Why You Need to Stop Writing Content Only for High-Volume Keywords - Here's Why #228 | Perficient Digital

Why You Need to Stop Writing Content Only for High-Volume Keywords – Here’s Why #228

SEO professionals always make sure that the websites they work on have created pages for all the high-volume keywords. But is it good enough?

In this episode of the popular Here’s Why digital marketing video series, Eric explains why you need to stop writing content only for high-volume keywords.

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Transcript

What SEO professionals have typically done is to make sure that the websites they work on have created pages for all the high-volume keywords. That’s not good enough anymore. What has become abundantly clear with Google’s core algorithm updates, since March 2018, is that Google wants to see more from a website. What Google wants to rank are sites and pages that satisfy a large percentage of the users that they send them. To understand what this means, let’s take a refresher look at the long tail of search.

Here’s an old chart from Moz and Experion. It’s actually from years ago but, if you look carefully at this, you’ll see that the cumulative volume of all your head term keywords is probably only about 18.5% of the total search volume available to you. And then even when you add in the chunky middle keywords on top of that, it extends the total volume to only about 70% of all related search volume. That means that the long tail of search makes up 70% of the opportunity for your website. Let’s think about this from another perspective.

Even if someone does enter a head term query, does it really tell you all the details of what they really want? Consider this chart of needs related to the query Ford Focus.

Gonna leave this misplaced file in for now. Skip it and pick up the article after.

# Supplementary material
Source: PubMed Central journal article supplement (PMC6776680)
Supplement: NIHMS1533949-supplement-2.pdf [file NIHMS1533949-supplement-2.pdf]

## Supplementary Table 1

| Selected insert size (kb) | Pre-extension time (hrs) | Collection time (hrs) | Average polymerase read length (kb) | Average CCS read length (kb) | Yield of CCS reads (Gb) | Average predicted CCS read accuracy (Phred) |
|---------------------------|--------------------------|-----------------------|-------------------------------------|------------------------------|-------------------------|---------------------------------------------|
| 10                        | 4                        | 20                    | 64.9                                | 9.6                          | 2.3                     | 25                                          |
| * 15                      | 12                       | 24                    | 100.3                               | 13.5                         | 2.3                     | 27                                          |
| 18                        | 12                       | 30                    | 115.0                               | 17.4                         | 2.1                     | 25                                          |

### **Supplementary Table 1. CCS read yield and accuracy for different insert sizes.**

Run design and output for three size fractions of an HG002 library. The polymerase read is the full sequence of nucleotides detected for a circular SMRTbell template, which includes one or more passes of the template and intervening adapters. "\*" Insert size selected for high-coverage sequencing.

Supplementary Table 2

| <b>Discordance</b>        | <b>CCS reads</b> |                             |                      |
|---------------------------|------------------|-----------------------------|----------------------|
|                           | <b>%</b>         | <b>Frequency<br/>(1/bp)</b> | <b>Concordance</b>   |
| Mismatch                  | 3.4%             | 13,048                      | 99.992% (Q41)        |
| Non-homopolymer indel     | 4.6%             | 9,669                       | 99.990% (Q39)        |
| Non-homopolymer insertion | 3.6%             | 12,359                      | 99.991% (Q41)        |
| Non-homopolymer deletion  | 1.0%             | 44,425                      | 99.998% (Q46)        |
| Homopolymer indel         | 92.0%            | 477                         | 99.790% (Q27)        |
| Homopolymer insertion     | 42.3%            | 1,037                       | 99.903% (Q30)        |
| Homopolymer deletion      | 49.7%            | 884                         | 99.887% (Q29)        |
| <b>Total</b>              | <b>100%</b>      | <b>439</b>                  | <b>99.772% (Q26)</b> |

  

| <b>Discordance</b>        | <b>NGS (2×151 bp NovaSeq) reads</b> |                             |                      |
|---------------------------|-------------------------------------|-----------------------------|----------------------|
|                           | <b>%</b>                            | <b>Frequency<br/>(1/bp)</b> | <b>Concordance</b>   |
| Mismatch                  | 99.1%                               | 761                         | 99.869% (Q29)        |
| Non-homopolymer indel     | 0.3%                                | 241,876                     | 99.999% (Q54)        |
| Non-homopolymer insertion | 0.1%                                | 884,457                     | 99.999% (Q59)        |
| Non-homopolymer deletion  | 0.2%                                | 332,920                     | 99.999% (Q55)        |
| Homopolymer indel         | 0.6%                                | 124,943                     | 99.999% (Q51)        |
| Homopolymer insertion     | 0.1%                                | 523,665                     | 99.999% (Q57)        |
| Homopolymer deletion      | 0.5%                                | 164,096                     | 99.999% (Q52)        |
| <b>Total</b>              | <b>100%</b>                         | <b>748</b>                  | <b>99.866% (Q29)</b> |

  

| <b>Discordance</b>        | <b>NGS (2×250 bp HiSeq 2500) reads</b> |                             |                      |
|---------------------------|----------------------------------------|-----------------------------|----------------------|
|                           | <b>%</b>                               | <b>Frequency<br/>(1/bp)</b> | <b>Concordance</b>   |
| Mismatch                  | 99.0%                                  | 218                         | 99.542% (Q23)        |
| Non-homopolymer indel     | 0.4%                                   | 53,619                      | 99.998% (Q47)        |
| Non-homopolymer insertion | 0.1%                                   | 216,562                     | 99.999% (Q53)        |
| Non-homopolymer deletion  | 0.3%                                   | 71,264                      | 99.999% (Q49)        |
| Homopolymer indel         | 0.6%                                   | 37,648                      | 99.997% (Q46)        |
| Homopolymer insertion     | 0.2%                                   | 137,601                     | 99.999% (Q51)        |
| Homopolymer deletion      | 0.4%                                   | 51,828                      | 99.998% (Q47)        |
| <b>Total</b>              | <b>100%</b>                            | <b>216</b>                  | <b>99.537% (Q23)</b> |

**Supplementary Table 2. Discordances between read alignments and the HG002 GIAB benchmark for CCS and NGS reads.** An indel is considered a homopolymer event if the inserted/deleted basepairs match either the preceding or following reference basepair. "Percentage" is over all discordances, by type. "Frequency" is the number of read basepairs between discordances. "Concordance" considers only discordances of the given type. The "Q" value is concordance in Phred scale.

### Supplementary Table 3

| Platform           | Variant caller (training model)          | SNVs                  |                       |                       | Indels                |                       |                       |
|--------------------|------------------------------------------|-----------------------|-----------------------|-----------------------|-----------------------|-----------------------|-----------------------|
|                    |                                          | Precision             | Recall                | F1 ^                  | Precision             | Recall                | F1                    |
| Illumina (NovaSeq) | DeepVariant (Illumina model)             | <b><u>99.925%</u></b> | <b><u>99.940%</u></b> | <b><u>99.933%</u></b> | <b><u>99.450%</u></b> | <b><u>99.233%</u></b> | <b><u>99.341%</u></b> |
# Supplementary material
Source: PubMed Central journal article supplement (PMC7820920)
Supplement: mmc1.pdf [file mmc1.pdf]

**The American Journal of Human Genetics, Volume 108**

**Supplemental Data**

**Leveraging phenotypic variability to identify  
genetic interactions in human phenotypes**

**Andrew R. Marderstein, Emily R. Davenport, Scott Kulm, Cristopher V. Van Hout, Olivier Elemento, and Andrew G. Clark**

Chart show possible keywords that can be related to Fort FocusIf someone searches on Ford Focus, what is it they really want? For one thing, they might want a hatchback, sedan, electric version or some other model. And of course, the query also doesn’t tell us if they want a new or used car. And if it’s a used car, they might be interested in the mileage or the year or things like that. And even that is still not enough to fully understand what the user wants. They may want aluminum wheels or seat warmers or any number of a combination of specific features.

So, what does that mean for your content? It means that creating content just for those high-volume keywords isn’t enough. My Ford Focus example may have been specific to an e-commerce situation, but it applies to nearly any content scenario. Writing an article about how to install a ceiling fan? There are many types of fans and many types of scenarios with a ceiling that impact the installation process. Writing an article about how to save for retirement? There are hundreds of different scenarios to address, if not thousands. Think of how you’re approaching your content differently – being comprehensive in your depth and breadth of content will require far more content than just writing for the high-volume keywords.

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One response to “Why You Need to Stop Writing Content Only for High-Volume Keywords – Here’s Why #228”

  1. Jeff Romero says:

    I was just explaining this to my colleagues and you captured the thought perfectly. It’s proven time and time again that long-tail keywords convert better too. Your Ford example is gold!

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